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Absolute Capital German fund managers quit

Absolute Capital Management, the Majorca-based, London-listed hedge fund manager that was hit by heavy redemption requests and a catastrophic collapse in its share price following the acrimonious resignation of co-founder and star manager Florian Homm, has announced the departure of two more managers.

In a statement, Absolute Capital says that Frank Siebrecht and Stefan Heieck have tendered their resignations as portfolio managers to the Absolute Germany Fund, citing 'personal reasons' and are departing immediately by mutual agreement.

The Absolute Germany Fund is currently being managed by Jens Peters, currently a portfolio manager to the Absolute India Fund, and Antonio Porsia, lead portfolio manager to the Absolute Return Europe Fund and the Absolute Large Cap Fund. The firm says it is reviewing the status of the Absolute Germany Fund and expects to make further announcements shortly.

The Absolute Germany Fund was one of the least affected of seven funds managed or influenced by Homm that Absolute Capital said it had discovered to contain illiquid equity assets, prompting the suspension of NAV valuations, subscriptions and redemptions and the proposal to shareholders of restructuring plans for five of the funds.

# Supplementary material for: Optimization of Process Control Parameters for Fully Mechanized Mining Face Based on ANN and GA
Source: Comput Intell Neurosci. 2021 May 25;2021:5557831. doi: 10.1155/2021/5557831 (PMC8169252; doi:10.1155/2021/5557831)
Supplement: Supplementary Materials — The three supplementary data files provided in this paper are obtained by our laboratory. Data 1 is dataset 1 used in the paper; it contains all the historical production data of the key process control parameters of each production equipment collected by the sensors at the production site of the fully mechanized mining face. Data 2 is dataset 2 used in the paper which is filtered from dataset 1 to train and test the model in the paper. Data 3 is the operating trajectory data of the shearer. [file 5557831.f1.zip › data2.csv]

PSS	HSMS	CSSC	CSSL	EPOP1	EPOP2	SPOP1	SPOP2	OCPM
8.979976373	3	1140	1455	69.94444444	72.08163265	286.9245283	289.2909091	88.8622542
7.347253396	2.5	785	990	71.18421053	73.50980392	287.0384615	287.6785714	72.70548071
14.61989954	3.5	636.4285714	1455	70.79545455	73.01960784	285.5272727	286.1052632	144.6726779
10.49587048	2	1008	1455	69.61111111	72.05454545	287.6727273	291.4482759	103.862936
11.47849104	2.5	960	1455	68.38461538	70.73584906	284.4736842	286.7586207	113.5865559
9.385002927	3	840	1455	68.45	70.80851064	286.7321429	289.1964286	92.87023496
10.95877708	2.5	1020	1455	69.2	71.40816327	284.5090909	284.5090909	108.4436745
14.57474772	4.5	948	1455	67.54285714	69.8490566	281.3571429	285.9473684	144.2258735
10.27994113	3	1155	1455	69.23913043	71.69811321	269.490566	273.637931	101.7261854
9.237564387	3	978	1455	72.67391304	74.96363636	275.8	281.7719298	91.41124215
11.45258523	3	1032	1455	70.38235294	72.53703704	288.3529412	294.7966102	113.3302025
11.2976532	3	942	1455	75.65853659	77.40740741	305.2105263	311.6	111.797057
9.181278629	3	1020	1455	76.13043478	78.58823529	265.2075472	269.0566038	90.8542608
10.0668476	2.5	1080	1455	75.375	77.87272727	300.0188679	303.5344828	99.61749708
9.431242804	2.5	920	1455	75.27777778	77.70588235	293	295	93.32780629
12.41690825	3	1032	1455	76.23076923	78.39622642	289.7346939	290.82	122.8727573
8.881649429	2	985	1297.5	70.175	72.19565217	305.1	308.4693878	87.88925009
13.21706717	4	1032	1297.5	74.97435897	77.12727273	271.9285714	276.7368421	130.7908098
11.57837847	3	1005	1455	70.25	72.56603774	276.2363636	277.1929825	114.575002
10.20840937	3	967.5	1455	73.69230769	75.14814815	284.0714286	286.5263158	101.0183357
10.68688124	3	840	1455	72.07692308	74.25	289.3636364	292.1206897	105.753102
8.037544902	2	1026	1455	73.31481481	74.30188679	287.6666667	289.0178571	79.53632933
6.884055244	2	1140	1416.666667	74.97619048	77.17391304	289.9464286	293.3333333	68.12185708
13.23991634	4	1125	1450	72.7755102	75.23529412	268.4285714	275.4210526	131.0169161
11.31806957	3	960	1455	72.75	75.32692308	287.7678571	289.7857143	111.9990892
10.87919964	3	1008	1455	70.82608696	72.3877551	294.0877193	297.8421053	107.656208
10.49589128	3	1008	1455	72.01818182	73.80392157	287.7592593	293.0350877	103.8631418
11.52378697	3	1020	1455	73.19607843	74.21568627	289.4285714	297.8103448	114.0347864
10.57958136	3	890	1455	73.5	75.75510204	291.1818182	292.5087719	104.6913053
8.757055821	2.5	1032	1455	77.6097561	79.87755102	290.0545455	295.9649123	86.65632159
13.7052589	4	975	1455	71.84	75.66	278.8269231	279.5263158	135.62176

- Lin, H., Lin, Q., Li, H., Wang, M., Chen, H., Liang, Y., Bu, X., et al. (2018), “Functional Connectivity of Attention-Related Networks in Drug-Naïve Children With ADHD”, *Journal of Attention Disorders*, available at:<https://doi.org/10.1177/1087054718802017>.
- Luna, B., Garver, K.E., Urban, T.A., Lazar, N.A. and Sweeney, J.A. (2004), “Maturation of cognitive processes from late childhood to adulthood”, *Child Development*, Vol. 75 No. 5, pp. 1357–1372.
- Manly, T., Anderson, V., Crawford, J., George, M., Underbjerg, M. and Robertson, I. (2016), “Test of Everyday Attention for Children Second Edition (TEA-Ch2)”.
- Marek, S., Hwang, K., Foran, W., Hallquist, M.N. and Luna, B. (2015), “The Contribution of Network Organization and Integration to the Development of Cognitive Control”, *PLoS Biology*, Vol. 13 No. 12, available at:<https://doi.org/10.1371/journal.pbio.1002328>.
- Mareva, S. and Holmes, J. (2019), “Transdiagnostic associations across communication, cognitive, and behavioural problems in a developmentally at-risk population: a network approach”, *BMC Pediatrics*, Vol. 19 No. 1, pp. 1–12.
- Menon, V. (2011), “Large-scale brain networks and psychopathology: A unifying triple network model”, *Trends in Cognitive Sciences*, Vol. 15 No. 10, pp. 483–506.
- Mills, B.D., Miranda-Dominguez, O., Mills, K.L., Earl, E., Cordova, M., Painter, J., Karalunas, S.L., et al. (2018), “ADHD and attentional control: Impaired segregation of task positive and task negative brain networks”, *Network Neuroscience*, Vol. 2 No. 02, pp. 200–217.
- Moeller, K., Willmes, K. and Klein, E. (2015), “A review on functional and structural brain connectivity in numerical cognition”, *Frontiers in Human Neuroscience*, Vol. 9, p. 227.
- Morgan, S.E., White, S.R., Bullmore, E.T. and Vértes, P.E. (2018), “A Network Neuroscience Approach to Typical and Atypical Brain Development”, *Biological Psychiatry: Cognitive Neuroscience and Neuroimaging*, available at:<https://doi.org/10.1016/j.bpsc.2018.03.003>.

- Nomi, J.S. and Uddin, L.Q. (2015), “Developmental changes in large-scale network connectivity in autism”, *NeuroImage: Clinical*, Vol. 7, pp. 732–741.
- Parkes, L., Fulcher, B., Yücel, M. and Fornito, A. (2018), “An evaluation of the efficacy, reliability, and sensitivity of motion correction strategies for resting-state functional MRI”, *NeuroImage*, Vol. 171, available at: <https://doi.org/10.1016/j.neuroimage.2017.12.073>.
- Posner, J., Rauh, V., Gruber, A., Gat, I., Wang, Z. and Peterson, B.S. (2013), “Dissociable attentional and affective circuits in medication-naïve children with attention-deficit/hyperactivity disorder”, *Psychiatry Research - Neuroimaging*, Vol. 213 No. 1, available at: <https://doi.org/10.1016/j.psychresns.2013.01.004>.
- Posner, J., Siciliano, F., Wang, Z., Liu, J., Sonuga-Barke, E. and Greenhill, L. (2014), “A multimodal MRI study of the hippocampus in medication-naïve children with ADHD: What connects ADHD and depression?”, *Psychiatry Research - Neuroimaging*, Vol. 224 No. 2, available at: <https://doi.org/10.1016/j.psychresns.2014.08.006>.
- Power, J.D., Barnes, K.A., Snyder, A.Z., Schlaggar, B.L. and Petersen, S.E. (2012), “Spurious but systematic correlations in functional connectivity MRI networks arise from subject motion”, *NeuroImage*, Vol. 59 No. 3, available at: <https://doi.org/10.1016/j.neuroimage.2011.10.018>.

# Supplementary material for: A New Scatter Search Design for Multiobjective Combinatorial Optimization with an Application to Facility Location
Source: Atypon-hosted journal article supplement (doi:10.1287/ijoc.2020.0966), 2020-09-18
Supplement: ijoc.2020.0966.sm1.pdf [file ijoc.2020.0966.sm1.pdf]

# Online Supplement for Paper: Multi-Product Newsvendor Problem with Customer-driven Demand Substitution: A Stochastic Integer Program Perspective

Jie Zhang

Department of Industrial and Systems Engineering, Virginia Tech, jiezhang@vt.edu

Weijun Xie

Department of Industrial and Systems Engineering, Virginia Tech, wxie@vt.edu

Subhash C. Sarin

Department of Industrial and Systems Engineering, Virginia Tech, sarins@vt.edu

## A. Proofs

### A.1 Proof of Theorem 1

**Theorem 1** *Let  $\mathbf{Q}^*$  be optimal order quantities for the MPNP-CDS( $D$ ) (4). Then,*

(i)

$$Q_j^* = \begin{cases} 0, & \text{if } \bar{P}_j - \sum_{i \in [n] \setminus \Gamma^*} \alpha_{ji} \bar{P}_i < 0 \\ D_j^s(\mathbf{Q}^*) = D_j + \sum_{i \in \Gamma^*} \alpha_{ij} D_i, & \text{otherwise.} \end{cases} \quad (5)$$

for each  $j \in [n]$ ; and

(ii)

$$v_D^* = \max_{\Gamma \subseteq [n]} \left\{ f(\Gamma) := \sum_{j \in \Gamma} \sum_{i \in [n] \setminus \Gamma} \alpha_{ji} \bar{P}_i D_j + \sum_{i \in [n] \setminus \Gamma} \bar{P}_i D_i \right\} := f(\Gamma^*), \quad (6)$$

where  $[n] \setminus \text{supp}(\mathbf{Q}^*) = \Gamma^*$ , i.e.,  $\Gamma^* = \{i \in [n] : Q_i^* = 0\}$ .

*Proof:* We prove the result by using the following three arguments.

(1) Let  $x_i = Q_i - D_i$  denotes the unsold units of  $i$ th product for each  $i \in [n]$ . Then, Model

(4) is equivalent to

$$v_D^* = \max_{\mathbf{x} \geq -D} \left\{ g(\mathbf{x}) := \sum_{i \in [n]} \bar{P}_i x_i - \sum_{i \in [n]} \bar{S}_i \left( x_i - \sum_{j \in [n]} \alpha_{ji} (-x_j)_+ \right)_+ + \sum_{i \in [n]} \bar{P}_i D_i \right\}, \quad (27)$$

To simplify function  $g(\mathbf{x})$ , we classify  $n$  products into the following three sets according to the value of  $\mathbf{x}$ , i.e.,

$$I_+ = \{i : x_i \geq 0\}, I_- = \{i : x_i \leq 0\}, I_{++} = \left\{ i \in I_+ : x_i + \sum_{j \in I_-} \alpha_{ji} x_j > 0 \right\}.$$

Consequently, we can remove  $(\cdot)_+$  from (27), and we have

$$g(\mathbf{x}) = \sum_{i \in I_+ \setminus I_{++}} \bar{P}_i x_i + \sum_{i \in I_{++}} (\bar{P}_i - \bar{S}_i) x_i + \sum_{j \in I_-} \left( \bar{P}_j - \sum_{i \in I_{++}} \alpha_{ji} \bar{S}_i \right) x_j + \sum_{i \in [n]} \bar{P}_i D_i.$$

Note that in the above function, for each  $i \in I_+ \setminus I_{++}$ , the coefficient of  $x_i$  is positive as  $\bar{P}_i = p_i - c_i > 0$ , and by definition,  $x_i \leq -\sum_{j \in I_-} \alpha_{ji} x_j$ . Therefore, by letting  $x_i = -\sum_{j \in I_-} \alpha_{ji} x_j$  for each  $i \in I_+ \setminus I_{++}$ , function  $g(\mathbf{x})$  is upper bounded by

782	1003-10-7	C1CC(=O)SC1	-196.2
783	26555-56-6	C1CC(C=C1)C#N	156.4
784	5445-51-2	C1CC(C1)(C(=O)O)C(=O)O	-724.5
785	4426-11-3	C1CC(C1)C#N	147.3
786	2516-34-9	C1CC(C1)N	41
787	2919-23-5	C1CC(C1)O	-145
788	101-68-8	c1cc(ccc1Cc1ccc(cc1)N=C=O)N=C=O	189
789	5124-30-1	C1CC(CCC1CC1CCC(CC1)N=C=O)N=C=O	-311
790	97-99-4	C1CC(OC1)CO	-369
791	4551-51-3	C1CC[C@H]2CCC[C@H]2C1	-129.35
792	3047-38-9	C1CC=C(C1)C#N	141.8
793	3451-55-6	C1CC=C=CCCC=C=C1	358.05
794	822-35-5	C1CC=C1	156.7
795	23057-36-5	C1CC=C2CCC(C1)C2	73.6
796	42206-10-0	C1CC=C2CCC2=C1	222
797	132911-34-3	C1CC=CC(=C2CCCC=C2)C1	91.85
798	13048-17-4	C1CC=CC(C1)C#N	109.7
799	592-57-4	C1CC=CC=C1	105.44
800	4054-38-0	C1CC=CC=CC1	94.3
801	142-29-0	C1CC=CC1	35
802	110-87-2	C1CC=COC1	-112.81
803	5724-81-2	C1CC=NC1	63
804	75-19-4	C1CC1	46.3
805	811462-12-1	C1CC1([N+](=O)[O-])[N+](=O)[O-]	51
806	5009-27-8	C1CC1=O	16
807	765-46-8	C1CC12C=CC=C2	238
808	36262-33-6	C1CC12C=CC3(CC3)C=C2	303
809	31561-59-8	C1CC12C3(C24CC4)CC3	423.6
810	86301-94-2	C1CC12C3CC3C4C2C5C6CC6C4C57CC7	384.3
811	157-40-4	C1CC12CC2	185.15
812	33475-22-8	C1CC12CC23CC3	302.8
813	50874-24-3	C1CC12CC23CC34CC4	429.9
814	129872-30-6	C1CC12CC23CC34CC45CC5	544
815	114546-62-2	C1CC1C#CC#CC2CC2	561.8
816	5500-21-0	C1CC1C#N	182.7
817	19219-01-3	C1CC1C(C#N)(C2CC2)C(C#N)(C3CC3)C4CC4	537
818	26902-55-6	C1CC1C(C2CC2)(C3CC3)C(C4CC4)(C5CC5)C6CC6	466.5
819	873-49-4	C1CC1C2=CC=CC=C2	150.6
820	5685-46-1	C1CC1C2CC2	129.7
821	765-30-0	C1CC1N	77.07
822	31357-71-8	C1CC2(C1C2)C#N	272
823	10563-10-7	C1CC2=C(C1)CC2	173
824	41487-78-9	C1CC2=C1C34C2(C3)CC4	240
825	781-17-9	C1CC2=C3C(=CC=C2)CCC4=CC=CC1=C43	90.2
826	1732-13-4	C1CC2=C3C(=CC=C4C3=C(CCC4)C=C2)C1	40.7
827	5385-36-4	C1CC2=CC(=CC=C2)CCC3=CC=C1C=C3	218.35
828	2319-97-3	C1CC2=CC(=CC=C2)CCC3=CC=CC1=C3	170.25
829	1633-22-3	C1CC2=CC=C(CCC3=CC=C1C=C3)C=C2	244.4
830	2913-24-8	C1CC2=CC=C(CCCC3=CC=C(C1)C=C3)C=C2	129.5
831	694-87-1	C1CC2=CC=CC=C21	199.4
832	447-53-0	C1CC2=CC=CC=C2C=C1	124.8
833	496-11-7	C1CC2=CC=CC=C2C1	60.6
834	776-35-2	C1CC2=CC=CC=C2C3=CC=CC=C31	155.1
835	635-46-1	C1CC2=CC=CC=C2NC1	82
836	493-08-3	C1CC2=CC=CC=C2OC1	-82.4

Last month Absolute Capital's board praised the reaction of Siebrecht and Heieck following Homm's departure in '[reacting] quickly to the events of this week and [converting] a significant portion of the fund's assets to cash.'

However, the firm decided to suspend redemptions from the fund, as well as from the Absolute India Fund, for two months 'to avoid the funds incurring extraordinary trading losses from having to liquidate further positions to meet short-term redemption requests.'

Having originally said it would ask investors in the Absolute European Catalyst Fund, Absolute Octane Fund, Absolute Return Europe Fund and Absolute East West Fund to accept a 12-month lock-up of their capital as part of a restructuring plan that involves creating side-pocket arrangements for the illiquid assets, Absolute Capital has subsequently agreed to allow shareholder access to some of their money over the coming year.

The restructuring proposals sent to investors last month by the funds' administrator, Fortis Prime Fund Solutions (IOM), now include provisions under which investors may redeem up to a total of 30 per cent of their investments in the funds' liquid share classes on scheduled redemption days over the next 12 months.

Absolute Capital had USD3.2bn in assets at the time of Homm's resignation, including fixed-income and property assets as well as its eight equity funds, but subsequently received at least USD100m in redemption requests from investors. The company's share price closed at GBP0.93 on October 5, having fallen from GBP3.90 on September 17 to as little as GBP0.35 two days later.

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